Jacqueline Scott seemed to have every reason to live. She was beautiful, brilliant, young and among the brightest graduate students at Ohio State University. She taught an undergraduate class. One of her students said she "was definitely a happy lady."
But something was wrong.
Scott, 24, went to a shooting range and shot herself in the chest last month after learning how to use a handgun at a shooting range in suburban Columbus, Ohio.
One of her colleagues in graduate school said she was "despondent" in the days before her suicide and seemed to be disinterested in her graduate studies classes. Only Scott knows what troubled her and led her to take her own life.
But Scott's death cleary underscores the need for more awareness and discussion of depression and mental health issues among black women and less shame and silence.
Suicide is a top leading cause of death for young black women age 14 to 19 and among the Top 10 causes of death for black women ages 20 to 24 and also for the 25 to 34 age group, according to the Centers for Disease Control and Prevention.
The stereotype of the strong, dependable, do-it-all-alone, hold-the-family-together, nerves-of-steel black woman needs to disappear.
It is time for black women to shed the Superwoman facade, cape, tights and the "S" on their chests and ask for help and receive it.
But that is hard because black women occupy so many roles in their personal and professional lives. The burden of carrying so many responsibilities and people can cause a woman's back to crack. The stress of working jobs they desperately need where their humanity is assaulted by people who devalue and disrespect them slowly erodes their confidence.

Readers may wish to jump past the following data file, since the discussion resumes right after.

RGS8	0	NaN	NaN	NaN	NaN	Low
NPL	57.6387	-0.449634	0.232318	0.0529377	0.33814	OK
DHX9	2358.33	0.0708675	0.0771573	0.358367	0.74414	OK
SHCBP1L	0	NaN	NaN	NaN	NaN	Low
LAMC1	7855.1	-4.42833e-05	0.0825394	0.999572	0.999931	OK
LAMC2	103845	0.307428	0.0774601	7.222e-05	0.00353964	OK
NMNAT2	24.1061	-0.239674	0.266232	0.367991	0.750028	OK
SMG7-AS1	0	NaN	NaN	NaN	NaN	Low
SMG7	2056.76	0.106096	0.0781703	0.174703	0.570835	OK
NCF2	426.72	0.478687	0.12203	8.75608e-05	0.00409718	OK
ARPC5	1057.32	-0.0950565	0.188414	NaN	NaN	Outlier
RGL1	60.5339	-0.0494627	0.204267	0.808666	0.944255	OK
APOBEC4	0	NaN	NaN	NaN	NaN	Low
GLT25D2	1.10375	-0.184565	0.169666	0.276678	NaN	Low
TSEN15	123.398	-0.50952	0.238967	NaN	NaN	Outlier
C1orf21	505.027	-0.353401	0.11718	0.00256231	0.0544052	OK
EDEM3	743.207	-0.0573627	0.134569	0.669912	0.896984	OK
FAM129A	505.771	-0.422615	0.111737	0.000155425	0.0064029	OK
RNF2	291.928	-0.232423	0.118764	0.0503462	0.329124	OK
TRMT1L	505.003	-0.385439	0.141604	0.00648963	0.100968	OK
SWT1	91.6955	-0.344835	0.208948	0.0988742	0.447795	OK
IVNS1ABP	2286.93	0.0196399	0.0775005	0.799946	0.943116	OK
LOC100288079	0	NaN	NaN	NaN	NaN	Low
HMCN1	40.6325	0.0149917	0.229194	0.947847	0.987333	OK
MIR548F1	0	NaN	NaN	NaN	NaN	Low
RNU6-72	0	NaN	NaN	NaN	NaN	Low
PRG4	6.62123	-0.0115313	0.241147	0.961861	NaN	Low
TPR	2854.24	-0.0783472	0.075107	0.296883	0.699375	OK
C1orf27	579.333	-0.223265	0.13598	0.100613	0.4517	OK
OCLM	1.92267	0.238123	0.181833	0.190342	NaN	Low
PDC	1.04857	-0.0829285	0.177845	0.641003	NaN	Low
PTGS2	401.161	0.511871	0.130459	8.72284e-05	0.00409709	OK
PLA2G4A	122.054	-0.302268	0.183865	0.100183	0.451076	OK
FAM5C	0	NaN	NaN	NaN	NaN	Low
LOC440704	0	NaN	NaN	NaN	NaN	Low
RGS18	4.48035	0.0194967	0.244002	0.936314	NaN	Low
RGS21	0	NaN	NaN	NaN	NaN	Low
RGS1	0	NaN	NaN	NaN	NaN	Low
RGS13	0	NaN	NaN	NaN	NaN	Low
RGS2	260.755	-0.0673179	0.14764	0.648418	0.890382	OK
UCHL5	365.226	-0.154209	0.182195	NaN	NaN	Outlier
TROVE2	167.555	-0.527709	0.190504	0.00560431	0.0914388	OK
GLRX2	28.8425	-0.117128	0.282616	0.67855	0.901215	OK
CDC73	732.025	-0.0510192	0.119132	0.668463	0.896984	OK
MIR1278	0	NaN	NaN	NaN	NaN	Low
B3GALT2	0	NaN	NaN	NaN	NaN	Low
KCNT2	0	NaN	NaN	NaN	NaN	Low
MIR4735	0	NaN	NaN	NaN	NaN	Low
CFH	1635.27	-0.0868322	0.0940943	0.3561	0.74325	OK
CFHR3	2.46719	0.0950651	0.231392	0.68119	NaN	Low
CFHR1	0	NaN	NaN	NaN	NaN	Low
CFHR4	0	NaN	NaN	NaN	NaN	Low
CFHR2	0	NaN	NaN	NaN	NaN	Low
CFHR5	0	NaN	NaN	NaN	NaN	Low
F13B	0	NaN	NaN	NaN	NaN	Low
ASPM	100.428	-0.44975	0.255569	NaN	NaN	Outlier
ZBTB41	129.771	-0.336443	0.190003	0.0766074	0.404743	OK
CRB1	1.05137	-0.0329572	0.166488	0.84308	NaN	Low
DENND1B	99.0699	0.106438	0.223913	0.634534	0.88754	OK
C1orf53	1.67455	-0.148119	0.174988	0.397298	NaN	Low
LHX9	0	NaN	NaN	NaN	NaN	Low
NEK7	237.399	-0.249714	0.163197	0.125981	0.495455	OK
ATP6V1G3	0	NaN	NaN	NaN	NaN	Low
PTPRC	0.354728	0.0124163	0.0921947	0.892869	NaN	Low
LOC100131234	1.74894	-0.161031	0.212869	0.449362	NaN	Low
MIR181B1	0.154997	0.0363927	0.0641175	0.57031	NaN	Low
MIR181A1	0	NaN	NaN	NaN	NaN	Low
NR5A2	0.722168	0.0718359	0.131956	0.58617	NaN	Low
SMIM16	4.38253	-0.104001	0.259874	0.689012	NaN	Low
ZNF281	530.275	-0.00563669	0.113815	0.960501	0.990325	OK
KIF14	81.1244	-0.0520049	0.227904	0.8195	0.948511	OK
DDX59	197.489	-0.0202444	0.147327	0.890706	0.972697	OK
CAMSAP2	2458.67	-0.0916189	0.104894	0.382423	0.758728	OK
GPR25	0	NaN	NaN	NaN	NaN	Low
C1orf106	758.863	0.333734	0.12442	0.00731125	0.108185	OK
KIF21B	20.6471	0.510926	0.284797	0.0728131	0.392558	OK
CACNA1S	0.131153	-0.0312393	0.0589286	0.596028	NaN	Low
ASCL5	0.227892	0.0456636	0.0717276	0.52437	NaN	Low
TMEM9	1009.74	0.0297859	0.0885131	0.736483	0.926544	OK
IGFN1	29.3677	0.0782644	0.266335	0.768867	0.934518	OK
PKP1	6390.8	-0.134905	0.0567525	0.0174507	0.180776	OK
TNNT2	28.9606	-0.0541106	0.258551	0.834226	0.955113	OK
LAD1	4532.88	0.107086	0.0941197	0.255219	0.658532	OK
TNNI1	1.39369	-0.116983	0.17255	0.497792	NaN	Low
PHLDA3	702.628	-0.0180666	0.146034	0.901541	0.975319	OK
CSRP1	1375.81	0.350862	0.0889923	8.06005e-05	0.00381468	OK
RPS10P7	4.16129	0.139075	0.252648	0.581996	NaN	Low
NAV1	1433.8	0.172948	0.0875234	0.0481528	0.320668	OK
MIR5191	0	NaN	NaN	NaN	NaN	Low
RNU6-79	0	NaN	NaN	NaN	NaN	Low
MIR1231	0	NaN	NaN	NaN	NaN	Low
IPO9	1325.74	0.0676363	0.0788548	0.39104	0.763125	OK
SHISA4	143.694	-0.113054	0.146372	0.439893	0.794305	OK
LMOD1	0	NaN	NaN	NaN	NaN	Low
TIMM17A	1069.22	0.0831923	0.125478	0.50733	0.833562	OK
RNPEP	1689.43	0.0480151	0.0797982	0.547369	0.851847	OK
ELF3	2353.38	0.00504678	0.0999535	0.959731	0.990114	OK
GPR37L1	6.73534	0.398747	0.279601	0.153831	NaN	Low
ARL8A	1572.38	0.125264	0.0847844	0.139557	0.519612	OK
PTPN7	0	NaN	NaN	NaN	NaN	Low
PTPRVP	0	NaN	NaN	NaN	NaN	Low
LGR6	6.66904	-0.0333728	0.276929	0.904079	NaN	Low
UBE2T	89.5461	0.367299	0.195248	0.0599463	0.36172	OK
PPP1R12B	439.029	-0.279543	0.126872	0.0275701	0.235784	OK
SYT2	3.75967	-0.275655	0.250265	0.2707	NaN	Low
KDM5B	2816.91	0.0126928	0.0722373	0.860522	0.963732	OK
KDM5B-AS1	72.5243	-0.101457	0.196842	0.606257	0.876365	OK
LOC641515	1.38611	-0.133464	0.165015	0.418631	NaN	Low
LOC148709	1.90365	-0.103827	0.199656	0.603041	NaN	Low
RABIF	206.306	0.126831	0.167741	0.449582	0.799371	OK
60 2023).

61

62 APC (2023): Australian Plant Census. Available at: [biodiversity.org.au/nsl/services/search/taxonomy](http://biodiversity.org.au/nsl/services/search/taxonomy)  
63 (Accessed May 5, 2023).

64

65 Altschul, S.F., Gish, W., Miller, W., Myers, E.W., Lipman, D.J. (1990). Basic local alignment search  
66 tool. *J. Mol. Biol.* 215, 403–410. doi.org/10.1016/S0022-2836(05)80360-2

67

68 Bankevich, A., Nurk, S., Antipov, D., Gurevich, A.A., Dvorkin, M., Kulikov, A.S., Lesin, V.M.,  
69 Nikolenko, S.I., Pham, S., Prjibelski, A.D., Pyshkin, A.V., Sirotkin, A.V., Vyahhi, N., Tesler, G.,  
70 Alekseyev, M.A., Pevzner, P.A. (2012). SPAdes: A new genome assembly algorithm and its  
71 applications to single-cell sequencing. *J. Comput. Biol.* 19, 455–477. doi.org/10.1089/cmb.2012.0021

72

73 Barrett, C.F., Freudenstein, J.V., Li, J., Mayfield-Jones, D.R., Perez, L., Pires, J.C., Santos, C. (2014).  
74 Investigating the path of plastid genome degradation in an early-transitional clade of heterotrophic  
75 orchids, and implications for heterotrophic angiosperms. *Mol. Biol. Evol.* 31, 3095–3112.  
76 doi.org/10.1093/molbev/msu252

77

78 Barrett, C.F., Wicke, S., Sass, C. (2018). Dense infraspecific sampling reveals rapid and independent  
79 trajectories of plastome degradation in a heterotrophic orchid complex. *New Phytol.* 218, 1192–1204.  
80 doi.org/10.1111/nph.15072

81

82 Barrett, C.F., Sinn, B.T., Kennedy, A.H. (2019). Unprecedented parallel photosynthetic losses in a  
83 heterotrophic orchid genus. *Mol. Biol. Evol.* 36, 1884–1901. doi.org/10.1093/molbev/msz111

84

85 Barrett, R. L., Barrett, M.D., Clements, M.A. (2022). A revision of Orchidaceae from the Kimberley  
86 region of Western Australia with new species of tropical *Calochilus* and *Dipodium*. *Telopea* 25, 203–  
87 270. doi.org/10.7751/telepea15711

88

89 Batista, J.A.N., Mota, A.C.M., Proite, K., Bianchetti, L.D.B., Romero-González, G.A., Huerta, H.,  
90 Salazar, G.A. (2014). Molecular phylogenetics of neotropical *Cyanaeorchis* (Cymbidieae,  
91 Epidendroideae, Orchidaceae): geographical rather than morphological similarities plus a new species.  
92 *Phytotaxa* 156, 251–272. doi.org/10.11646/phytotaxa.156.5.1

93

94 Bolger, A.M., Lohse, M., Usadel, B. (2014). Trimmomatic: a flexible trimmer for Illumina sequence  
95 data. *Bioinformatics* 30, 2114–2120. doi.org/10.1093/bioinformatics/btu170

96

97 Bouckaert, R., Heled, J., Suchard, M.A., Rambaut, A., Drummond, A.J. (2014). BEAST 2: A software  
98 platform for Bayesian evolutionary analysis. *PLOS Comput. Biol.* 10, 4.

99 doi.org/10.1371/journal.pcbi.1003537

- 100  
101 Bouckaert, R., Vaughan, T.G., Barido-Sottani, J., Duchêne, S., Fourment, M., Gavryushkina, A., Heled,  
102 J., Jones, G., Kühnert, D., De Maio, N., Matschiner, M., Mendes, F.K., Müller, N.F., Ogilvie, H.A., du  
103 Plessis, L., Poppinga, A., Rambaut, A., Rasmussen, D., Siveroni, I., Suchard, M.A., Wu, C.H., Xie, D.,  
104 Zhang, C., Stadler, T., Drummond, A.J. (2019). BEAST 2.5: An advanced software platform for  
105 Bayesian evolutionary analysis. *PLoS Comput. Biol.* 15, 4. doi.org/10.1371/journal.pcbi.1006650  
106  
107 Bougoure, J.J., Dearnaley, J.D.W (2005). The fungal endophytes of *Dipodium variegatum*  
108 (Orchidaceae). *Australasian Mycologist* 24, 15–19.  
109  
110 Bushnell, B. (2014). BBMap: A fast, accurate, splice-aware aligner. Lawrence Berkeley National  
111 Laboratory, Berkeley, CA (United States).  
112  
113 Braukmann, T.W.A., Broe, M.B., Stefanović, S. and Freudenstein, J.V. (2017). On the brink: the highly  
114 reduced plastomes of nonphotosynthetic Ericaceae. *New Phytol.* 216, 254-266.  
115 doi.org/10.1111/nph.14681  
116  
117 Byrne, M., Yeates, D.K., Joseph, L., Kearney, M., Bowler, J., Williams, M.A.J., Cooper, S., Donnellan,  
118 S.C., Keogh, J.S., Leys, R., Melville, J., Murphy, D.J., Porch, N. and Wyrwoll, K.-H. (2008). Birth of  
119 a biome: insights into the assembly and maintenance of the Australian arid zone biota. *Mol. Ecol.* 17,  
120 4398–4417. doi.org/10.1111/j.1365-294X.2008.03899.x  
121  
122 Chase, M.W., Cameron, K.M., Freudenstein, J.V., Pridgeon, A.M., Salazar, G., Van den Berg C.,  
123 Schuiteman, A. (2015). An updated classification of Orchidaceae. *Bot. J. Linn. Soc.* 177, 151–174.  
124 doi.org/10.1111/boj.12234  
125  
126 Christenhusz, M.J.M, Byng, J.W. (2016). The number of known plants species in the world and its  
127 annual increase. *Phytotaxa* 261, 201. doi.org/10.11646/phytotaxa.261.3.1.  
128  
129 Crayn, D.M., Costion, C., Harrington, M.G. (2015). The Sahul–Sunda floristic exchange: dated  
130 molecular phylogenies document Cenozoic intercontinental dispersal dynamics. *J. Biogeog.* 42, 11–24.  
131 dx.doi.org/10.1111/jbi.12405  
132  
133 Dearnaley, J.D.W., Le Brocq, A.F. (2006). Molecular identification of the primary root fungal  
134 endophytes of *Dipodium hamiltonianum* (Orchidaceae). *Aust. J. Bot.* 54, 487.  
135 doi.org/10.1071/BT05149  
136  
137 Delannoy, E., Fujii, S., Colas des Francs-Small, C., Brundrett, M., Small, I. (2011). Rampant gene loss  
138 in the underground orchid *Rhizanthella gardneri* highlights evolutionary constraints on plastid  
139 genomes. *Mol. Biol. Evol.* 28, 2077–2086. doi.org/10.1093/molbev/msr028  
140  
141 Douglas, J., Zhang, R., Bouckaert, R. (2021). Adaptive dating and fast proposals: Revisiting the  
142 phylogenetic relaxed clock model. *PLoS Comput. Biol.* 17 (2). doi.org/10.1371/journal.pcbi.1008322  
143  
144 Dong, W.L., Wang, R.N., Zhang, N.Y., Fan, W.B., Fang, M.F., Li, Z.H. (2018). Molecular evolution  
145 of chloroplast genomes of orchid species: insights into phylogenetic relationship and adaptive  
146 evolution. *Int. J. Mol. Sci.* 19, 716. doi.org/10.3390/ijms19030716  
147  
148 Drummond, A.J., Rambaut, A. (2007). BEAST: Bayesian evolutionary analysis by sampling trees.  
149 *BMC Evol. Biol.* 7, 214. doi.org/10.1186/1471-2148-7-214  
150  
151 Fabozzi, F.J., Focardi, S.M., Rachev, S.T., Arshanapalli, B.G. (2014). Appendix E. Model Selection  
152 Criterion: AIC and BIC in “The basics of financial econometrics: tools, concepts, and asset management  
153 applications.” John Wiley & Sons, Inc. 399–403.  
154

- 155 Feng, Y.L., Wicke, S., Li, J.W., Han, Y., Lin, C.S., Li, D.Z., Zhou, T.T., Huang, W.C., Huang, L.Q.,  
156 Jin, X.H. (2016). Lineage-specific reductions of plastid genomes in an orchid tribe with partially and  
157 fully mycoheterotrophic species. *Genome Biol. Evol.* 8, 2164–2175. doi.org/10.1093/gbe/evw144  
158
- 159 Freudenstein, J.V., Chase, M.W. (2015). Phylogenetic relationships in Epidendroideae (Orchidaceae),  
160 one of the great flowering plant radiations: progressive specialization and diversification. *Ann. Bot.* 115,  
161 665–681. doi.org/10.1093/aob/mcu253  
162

Terrie Williams, a veteran celebrity public relations specialist, said it best in the title of her book about her own battle with depression, Black Pain: It Just Looks Like We're Not Hurting.
Taking the time to address mental health and troublesome feelings is critical, especially now as we strive to survive the economic crisis.
We lose too much when we don't. There is the lost time, opportunities and relationships. And the illnesses that escalate and create even more problems.
Most importantly, we lose phenomenal and talented women like Scott and my musical and artistic idol singer and actress Phyllis Hyman who killed herself in 1995.
Talking to friends, family, clergy and counselors is a must to battle the blues and the fallout that comes with it.
Therapy is not a "white folks thing" and asking for help isn't a sign of weakness.
Just as black women visit doctors for physical health there is no shame in seeing specialists to attend to mental health.
It's time for suffering in silence to end. Destigmatizing mental health and creating a culture of support is needed to save lives.
We can't afford to have black women to continue to bury their feelings or have more families bury the troubled and beloved women in their lives.
If you need to talk to someone about your feelings call the National Suicide Prevention Lifeline at 1-800-273-TALK.
Originally published 2/27/10